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Non-pharmacological interventions for treating chronic prostatitis/chronic pelvic pain syndrome

  • Review
  • Intervention

Authors


Abstract

Background

Chronic prostatitis/chronic pelvic pain syndrome (CP/CPPS) is a common disorder in which the two main clinical features are pelvic pain and lower urinary tract symptoms. There are currently many approaches for its management, using both pharmacological and non-pharmacological interventions. The National Institute of Health - Chronic Prostatitis Symptom Index (NIH-CPSI) score is a validated measure commonly used to measure CP/CPPS symptoms.

Objectives

To assess the effects of non-pharmacological therapies for chronic prostatitis/chronic pelvic pain syndrome (CP/CPPS).

Search methods

We performed a comprehensive search using multiple databases, trial registries, grey literature and conference proceedings with no restrictions on the language of publication or publication status. The date of the latest search of all databases was August 2017.

Selection criteria

We included randomised controlled trials. Inclusion criteria were men with a diagnosis of CP/CPPS. We included all available non-pharmacological interventions.

Data collection and analysis

Two review authors independently classified studies and abstracted data from the included studies, performed statistical analyses and rated quality of evidence (QoE) according to the GRADE methods.

Main results

We included 38 unique studies with 3290 men with CP/CPPS across 23 comparisons.

1. Acupuncture: (three studies, 204 participants) based on short-term follow-up, acupuncture probably leads to clinically meaningful reduction in prostatitis symptoms compared with sham procedure (mean difference (MD) in total NIH-CPSI score -5.79, 95% confidence interval (CI) -7.32 to -4.26, high QoE). Acupuncture may result in little to no difference in adverse events (low QoE). Acupuncture may not reduce sexual dysfunction when compared with sham procedure (MD in the International Index of Erectile Function (IIEF) Scale -0.50, 95% CI -3.46 to 2.46, low QoE). Acupuncture may also lead to a clinically meaningful reduction in prostatitis symptoms compared with standard medical therapy (MD -6.05, 95% CI -7.87 to -4.24, two studies, 78 participants, low QoE). We found no information regarding quality of life, depression or anxiety.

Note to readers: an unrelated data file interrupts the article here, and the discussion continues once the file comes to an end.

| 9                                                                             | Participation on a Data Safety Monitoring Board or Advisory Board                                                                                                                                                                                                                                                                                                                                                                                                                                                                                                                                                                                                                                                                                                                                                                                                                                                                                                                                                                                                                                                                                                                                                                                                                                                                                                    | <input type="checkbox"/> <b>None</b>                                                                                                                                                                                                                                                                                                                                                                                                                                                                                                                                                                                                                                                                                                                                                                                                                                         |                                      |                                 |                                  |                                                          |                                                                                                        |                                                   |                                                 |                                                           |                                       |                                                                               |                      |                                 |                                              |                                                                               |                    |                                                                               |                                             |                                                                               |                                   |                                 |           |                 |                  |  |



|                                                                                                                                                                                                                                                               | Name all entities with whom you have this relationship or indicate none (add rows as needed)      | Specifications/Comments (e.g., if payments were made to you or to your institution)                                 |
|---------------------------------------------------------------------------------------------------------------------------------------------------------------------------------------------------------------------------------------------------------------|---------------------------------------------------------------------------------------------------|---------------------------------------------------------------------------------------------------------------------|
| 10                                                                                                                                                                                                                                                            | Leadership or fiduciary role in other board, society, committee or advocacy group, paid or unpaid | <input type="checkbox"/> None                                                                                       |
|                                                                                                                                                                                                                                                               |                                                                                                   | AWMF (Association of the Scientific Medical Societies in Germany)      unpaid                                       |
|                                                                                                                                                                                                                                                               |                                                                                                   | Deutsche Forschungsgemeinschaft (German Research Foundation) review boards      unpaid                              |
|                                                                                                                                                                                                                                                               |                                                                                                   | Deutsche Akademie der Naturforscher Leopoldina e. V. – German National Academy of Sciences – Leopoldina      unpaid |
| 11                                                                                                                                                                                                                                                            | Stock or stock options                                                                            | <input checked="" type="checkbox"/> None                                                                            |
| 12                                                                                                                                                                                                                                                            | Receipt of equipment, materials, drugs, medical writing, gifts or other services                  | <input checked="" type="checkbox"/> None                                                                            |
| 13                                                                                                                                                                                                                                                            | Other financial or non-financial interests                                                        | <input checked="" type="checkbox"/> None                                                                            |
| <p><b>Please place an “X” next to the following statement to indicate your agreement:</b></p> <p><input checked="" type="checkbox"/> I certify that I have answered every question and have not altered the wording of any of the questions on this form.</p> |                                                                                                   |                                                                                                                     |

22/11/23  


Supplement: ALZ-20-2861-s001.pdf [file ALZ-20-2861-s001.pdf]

2. Lifestyle modifications: (one study, 100 participants) based on short-term follow-up, lifestyle modifications may be associated with a reduction in prostatitis symptoms compared with control (risk ratio (RR) for improvement in NIH-CPSI scores 3.90, 95% CI 2.20 to 6.92, very low QoE). We found no information regarding adverse events, sexual dysfunction, quality of life, depression or anxiety.

3. Physical activity: (one study, 85 participants) based on short-term follow-up, a physical activity programme may cause a small reduction in prostatitis symptoms compared with control (NIH-CPSI score MD -2.50, 95% CI -4.69 to -0.31, low QoE). This programme may not reduce anxiety or depression (low QoE). We found no information regarding adverse events, sexual dysfunction or quality of life.